Cancer — it’s one of those words no one wants to hear and one of those subjects nobody wants to talk about. Right now that six-letter word dominates my life. A family member battles the dreaded disease and probably will be OK, but an old friend probably will lose his fight with it soon.
Sitting around the dinner table these days we’re talking about chemotherapy, hair loss, infections, dealing with dietary issues and appetite loss. They’re just matter of fact conversations about what lies ahead and how we deal with the future — not some dark and dreary laments. The future for my family member looks bright, and a full recovery is expected.
Not so with my old friend, David. I first met his older sister, Shelley, back in 1968 at the Catacombs, a coffee house in central Fresno run by the Council of Churches. I was the new guitar slinger at the place.
One night Shelley asked me if I would give her younger brother guitar lessons. He’d been playing in a rock and roll band, so he knew how to play guitar, but she wanted me to teach him how to fingerpick the way the folkies do.
I told her I’d be happy to give him some lessons, and a few days later he showed up at my house, guitar in hand. The lessons began with the old standards — Woody Guthrie, the Carter Family — and then progressed to the more modern stuff such as Donovan, Dylan, etc. Giving David lessons turned out to be a very weird experience for me because before too long he could play just like me. That can give one pause, let me tell you.
David was a few years younger than I, so it took a while for our friendship to grow. He was always hanging around trying to fit in with the older players. I became friends with his family, got to know his parents and his other brothers and sisters. I’ve known all of them since I was a teenager, and they’re the kind of old friends who are just about as close as my real family even though they’re not.
When David got old enough to play in bars, he and I formed a duo (Sam and Dave), and we played around California from Santa Barbara to Sacramento to San Jose to Fresno and everywhere in between.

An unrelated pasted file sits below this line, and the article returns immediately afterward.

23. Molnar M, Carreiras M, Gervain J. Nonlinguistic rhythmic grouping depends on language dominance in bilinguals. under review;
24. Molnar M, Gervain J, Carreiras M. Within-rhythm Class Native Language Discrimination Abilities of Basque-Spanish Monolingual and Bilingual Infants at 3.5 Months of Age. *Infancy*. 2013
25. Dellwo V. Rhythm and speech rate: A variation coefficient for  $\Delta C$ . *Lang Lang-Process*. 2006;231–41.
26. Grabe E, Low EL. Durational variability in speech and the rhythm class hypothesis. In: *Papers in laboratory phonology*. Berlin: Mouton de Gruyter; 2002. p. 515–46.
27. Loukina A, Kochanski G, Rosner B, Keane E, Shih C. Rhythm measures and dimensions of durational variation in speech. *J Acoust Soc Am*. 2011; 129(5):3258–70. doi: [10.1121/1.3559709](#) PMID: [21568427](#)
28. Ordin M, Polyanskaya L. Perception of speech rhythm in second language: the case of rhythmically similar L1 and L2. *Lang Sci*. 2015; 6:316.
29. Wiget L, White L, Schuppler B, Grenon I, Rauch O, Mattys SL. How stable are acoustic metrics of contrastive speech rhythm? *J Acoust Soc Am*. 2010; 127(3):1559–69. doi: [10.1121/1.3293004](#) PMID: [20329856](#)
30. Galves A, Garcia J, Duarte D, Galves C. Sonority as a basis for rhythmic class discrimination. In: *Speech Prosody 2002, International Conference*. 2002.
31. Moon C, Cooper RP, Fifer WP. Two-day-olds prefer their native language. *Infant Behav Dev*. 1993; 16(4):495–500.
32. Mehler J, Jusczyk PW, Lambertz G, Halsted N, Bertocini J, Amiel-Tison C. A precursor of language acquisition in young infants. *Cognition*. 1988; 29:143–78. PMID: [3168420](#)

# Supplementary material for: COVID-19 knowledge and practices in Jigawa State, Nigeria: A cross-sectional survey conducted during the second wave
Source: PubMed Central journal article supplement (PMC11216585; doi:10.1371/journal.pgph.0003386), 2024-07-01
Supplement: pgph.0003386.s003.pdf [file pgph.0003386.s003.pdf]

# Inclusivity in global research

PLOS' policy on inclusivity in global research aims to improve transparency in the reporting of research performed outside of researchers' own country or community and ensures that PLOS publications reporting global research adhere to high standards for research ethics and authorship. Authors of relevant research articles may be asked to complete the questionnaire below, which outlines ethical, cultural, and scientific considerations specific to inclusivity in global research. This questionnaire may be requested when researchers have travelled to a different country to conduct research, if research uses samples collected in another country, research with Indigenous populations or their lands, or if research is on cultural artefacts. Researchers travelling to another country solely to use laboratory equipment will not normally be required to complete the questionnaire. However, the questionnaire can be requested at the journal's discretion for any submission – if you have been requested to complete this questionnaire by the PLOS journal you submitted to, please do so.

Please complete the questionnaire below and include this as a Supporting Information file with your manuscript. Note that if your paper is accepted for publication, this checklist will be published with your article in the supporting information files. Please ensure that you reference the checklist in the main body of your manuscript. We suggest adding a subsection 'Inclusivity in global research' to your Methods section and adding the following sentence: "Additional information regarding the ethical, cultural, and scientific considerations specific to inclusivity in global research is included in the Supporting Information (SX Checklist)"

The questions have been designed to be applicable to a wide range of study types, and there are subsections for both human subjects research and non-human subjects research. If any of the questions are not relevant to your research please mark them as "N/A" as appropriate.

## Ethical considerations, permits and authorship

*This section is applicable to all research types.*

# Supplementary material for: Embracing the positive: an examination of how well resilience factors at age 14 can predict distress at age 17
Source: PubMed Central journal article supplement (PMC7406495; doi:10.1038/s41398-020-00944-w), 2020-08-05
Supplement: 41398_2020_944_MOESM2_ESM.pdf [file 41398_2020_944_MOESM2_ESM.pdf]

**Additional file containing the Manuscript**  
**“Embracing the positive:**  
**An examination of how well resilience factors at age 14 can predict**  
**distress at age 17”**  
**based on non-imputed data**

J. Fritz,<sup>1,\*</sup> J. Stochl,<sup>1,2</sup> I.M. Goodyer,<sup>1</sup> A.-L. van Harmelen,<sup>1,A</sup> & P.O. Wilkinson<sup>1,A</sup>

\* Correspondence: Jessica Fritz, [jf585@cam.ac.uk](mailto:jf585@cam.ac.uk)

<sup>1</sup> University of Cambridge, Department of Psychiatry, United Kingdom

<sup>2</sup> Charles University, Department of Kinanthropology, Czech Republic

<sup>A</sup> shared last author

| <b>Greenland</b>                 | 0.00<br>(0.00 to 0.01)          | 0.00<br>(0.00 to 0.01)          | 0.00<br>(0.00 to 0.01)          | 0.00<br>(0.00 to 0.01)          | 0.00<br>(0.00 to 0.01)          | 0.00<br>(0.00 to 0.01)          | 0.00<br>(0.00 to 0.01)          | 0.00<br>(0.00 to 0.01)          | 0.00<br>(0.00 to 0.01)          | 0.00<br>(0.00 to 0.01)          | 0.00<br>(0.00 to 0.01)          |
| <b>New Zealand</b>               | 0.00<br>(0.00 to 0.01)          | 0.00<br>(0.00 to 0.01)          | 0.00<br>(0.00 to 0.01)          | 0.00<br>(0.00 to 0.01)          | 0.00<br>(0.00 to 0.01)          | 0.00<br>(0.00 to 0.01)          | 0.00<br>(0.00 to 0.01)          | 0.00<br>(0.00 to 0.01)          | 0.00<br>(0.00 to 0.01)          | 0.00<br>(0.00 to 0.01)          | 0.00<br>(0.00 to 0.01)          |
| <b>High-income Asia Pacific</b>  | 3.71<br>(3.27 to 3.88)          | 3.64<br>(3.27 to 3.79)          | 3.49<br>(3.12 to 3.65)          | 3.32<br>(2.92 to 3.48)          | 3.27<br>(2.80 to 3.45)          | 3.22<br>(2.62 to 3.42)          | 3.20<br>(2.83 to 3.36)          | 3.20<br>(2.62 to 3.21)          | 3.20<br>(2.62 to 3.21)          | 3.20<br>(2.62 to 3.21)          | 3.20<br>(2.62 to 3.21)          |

We used to play in a little basement bar up the hill outside of San Jose that Neil Young frequented because he liked their famous buffalo burgers. But he never came in on any of the Friday or Saturday nights when we were playing. Not once. I always wanted to play my “Cowgirl in the Sand” impersonation for him!
Believe it or not, back in those days I’d drive my green 1950 Chevy pickup from Fresno to Davis Friday morning to pick David up. That afternoon we’d drive to San Jose and then up into the hills to do our show. We’d usually crash at the house of a friend who lived in the mountains toward Santa Cruz on Friday night.
Then on Saturday night we’d head to Danny Chauncey’s house in Alameda. He’s famous now as the guitar player in 38 Special, but he was a smart-alecky little teenager back then (we were friends with his older brother, Bill). Danny always had that famous old red Gibson SG of his leaning up against his Fender Super Reverb amp with a shock of effects pedals and cables cluttering the floor in his little bedroom right off the kitchen. We’d tease him about how he should be a real musician and play acoustic guitar instead of electric, and he’d always tell us to shut up because we were keeping him up in the middle of the night. (He was right. We’d usually arrive there about 4 a.m.) Look who’s making he big money now!
It’s hard to imagine now, but David and I would go through all that for like $50 or $75 each, all the beer we could drink and a couple of free meals. Still, round and round we went, weekend after weekend, year after year.
But now it’s even harder to imagine my old friend might not be around too much longer. So if you’ve got an old friend, take the time to tell them how much they mean to you — you might not have another chance.